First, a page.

Patent law fine with penalties, not prison

By DPS Parmar, LexOrbis
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Chapter XX of the Patent Act, 1970 (act), containing sections 118 to 124, imposes penalties for breaches of various provisions. Penalties include fines and imprisonment. Proceedings before the Controller General of Patents, Designs and Trade Marks (controller) are governed by the Patent Rules, but section 159(2) of the act restricts the rules to matters set out in that section. If a matter is not specified in the section, the controller has no power to deal with it. There is no provision to make rules for the imposition of penalties in sections 118 to 124 and the general criminal law applies. Proceedings are dealt with by the appropriate criminal court.

DPS Parmar
DPS Parmar
Special counsel
LexOrbis

As the controller has no specific power to deal with contravention of the penal provisions of the act, any third party can bring proceedings before the court. This includes the controller. However, if the controller loses the case, their office may suffer the usual consequences. Needless to say, the controller has never brought such an action.

The government introduced the Jan Vishwas (Amendment of Provisions) Bill, 2022 (bill), in parliament in December 2022 to decriminalise minor offences in 42 statutes including the act. The bill was referred to a joint committee of parliament, which will report by the end of the current session. One of the objectives of the bill is to abolish imprisonment for minor offences under patent law, increasing fines instead. For instance, a refusal or failure to supply information under sections 100(5) and 146 leads to a fine of up to INR100,000 (USD1,200). In the case of continuing refusal, in place of a fixed penalty of up to INR1 million a further penalty of INR1,000 may be imposed for every day during which the refusal continues. For furnishing false information the punishment of imprisonment is removed and substituted with a heavy fine of not less than INR2.5 million. For falsely marking products as patented or patent pending under section 120, the fine is increased tenfold.

The most important feature of the bill gives adjudicating powers to the controller to determine the penalties that were earlier missing in the act. Added section 124A provides for imposing penalties where the government is authorised to appoint adjudicating officers to determine penalties under the act. Adjudicating officers will have the power to summon individuals to give evidence and conduct inquiries into violations of the act. A new clause xiiia has been added to section 159(2), inserting the manner of imposing a penalty under section 124A(a). The controller will thus get the power to adjudicate and to impose penalties for any contravention or default under the act in the manner which may be prescribed. This bill proposes an appeal mechanism for any person aggrieved by an order made by an adjudicating officer. Such appeals will be to the high court.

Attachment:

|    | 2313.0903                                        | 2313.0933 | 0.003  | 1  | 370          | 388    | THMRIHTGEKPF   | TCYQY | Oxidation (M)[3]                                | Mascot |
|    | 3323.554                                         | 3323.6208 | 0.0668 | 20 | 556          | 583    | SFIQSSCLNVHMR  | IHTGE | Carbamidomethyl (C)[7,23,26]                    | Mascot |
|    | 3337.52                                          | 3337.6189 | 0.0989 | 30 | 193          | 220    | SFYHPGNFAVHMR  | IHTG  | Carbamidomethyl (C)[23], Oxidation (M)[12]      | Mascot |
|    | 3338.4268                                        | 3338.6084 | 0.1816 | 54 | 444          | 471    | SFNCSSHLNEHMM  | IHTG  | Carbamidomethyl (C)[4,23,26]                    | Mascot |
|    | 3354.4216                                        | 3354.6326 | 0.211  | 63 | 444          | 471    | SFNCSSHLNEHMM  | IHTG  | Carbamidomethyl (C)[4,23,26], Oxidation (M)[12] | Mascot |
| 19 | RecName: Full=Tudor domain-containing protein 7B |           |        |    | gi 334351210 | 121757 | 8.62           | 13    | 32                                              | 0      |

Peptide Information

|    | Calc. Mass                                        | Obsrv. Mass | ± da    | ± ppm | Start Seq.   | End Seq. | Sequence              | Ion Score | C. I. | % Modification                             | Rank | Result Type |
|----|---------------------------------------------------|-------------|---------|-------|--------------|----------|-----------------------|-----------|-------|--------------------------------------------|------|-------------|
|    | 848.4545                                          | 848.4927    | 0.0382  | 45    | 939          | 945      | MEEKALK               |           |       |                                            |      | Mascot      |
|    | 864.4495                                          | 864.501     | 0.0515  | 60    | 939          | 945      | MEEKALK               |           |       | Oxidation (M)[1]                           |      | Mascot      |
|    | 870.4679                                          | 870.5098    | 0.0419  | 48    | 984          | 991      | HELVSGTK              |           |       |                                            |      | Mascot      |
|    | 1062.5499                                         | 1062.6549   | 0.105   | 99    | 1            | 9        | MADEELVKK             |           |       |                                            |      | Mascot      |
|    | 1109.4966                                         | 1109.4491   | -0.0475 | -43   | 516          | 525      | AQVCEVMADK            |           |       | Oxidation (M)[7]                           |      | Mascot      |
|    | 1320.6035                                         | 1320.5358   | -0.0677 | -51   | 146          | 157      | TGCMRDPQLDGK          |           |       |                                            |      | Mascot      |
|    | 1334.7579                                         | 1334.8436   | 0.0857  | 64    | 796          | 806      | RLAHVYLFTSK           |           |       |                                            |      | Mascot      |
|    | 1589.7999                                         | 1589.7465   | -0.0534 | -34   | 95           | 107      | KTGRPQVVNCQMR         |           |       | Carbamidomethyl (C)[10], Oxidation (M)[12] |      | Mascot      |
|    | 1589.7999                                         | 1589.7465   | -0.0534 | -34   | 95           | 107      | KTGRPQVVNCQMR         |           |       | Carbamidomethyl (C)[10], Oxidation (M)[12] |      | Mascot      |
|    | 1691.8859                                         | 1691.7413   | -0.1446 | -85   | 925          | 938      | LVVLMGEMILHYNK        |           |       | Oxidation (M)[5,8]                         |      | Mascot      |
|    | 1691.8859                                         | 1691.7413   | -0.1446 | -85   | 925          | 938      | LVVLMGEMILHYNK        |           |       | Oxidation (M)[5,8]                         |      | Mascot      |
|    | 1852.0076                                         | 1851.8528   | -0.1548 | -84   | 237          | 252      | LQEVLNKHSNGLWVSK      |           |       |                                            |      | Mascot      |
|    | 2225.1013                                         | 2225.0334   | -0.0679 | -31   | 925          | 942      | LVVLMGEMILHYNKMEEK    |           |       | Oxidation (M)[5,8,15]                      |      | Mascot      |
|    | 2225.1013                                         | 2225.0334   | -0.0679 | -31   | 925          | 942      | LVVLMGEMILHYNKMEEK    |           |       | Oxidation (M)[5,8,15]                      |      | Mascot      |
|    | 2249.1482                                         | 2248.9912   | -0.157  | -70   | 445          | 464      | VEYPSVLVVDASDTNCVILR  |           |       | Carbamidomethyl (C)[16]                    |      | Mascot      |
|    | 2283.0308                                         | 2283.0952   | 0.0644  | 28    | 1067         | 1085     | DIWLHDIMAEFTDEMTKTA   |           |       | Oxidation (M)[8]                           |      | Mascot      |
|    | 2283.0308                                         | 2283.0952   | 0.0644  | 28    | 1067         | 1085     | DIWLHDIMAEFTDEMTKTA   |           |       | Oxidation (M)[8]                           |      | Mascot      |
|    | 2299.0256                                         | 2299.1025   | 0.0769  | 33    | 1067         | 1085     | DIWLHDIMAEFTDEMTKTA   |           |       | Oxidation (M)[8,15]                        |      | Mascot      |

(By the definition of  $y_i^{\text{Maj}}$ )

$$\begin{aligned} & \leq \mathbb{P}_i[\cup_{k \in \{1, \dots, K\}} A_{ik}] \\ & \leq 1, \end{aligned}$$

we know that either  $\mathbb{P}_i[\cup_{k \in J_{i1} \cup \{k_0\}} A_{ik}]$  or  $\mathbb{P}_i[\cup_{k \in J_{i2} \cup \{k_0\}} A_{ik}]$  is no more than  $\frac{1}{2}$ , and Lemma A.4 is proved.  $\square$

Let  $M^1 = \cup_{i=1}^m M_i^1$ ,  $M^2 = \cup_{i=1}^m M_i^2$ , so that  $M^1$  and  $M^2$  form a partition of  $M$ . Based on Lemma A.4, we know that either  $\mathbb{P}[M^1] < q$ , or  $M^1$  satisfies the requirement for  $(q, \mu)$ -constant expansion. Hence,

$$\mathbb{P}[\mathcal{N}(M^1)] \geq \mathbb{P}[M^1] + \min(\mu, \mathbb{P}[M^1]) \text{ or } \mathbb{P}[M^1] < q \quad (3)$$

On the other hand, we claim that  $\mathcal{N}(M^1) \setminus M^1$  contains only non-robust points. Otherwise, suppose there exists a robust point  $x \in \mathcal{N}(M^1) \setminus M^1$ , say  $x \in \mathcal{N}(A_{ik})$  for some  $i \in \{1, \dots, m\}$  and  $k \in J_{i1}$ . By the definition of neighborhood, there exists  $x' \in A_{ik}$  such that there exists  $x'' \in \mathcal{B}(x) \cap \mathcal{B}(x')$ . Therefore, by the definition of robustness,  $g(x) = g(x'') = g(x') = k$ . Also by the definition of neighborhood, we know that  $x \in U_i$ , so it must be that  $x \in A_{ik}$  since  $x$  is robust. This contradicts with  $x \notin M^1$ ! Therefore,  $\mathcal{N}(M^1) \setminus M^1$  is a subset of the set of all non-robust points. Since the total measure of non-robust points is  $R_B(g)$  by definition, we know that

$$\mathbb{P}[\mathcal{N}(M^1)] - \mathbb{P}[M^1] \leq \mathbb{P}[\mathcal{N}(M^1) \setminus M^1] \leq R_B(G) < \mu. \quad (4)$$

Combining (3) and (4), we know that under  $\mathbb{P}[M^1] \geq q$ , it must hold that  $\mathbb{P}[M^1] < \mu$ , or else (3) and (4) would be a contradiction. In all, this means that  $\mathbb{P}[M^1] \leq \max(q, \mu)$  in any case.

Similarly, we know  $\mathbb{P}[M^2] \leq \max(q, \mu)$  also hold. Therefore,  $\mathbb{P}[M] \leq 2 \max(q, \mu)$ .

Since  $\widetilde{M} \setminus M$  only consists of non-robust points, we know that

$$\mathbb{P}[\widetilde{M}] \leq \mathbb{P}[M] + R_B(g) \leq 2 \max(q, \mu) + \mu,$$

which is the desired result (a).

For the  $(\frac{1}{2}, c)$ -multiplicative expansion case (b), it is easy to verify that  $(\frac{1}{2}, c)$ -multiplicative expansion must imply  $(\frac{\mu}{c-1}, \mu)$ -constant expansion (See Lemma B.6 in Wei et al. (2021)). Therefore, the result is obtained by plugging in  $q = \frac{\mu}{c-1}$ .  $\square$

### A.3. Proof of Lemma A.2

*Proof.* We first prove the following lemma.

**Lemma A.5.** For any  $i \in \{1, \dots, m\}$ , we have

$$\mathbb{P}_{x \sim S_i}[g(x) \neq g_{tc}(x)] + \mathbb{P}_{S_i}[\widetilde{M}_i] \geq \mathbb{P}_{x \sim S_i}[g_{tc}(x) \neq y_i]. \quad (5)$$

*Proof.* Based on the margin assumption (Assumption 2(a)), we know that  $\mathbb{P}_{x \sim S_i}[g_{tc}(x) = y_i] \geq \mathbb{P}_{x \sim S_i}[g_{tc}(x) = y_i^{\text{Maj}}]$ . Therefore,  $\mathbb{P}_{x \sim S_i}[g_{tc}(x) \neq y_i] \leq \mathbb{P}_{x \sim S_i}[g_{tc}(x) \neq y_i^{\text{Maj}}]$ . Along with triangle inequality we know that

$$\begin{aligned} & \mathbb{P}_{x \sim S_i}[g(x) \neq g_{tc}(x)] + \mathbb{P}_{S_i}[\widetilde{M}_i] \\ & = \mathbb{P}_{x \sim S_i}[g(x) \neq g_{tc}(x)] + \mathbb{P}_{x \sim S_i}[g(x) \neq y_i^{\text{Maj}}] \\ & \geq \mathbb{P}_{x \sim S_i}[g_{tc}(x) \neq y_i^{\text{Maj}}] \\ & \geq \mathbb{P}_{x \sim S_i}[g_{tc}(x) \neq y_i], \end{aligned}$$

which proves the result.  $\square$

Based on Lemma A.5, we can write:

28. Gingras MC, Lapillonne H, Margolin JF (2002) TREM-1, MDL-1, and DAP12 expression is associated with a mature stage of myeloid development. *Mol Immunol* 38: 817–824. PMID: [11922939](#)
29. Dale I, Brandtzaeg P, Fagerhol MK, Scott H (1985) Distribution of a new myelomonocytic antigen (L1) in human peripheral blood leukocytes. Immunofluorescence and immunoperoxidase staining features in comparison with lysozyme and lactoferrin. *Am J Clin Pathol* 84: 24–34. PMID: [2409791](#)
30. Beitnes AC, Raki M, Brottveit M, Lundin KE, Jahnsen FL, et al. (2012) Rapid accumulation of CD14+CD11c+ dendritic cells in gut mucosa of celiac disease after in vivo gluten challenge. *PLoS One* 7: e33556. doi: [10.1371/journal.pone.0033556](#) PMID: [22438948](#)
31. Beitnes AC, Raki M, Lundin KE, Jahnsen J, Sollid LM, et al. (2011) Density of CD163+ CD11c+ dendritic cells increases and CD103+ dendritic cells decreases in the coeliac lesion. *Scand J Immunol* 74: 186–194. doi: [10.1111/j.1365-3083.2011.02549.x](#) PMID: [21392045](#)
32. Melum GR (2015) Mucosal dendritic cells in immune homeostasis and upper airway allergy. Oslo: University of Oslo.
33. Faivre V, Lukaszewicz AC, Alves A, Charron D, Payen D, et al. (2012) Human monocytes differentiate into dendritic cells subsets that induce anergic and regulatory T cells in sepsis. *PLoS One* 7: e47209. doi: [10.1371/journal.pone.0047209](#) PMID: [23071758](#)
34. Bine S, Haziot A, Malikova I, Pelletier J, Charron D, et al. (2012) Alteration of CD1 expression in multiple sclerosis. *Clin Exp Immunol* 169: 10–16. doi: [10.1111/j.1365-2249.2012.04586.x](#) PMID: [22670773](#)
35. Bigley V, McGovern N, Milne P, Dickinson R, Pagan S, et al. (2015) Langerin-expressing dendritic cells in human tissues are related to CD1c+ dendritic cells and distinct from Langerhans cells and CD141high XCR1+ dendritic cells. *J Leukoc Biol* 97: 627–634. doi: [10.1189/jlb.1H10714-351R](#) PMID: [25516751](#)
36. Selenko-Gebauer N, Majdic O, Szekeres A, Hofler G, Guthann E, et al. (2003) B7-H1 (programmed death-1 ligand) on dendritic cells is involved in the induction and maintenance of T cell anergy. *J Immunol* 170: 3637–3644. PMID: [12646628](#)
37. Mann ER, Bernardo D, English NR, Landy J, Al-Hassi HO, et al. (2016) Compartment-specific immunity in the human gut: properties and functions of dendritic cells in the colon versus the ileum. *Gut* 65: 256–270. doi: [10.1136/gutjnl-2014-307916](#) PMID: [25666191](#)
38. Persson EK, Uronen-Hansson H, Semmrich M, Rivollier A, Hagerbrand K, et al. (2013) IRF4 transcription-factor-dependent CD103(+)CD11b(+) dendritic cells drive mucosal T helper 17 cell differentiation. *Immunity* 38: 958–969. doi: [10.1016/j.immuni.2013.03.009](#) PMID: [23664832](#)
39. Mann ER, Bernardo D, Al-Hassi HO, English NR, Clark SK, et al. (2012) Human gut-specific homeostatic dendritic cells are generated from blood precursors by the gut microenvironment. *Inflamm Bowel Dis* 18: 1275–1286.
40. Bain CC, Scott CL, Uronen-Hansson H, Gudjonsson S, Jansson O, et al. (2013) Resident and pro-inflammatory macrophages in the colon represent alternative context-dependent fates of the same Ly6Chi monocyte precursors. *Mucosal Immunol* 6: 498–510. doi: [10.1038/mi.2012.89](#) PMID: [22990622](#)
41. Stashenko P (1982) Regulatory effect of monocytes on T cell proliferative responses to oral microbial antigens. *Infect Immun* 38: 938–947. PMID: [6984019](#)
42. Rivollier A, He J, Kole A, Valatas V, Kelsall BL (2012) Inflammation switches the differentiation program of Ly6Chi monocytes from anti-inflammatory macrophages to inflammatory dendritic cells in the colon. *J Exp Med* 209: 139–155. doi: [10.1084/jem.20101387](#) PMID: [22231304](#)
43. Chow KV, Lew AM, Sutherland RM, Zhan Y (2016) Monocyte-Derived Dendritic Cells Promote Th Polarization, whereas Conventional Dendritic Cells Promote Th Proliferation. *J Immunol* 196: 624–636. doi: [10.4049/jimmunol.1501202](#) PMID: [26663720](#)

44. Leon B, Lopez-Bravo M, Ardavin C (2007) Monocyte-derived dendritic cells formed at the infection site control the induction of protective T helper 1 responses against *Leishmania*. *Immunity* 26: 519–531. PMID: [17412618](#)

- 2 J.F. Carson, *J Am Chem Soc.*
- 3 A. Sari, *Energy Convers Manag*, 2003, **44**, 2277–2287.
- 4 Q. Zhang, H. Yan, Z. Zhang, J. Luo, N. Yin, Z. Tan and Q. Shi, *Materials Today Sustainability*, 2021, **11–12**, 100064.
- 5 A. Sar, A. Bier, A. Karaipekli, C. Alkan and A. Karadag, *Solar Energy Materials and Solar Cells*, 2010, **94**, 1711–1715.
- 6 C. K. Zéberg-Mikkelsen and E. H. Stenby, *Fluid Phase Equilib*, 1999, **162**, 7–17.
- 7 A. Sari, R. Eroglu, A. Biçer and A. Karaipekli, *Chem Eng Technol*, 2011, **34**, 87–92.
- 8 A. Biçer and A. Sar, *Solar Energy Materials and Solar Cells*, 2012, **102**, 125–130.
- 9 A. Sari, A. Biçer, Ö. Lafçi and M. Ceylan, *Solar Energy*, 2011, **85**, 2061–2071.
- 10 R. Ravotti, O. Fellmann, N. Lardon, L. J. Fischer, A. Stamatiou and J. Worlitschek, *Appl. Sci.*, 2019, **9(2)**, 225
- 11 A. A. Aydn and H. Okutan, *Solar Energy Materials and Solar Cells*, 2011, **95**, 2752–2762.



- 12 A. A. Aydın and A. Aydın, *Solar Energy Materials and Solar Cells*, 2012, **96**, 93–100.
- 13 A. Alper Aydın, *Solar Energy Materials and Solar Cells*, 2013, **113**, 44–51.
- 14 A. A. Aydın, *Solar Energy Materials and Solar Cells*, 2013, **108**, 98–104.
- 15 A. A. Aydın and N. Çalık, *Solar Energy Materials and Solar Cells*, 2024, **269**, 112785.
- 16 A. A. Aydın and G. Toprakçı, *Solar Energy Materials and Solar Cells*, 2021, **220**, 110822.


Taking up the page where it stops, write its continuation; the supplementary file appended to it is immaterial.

The purpose of these amendments is to discourage any continuation of the default or contravention. When the words in section 123 of the act “he shall be punishable with [a] fine which may extend to one lakh rupees [INR100,000] in the case of a first offence and five lakh rupees [INR500,000] in case of a second or subsequent offence”, are replaced by the words “he shall pay, by way of penalty, which may extend to five lakh rupees, and in case of the continuing default, a further penalty of one thousand rupees for every day after the first during which such default continues”, the substitution emphasises that there is to be strict compliance with the orders of the controller.

This move by the government to decriminalise minor crimes under the act will go a long way to ease doing business in India with regard to patented products. Without compromising the requirement to comply with the public interest provisions of patent law, this bill seeks to streamline the procedure before the controller. Penalties will be imposed only in cases where non-compliance is willful and deliberate. The amendments to the act emphasise that there must be strict compliance with orders made by the controller. Defaulters will find that ignoring the new measures will lead to large, and increasing, financial penalties. The decriminalisation of the act in respect of minor infringements is a welcome move. However, the joint parliamentary committee must report positively on the bill for it to advance. Until then, everyone can only wait and hope.

DPS Parmar is a special counsel at LexOrbis.

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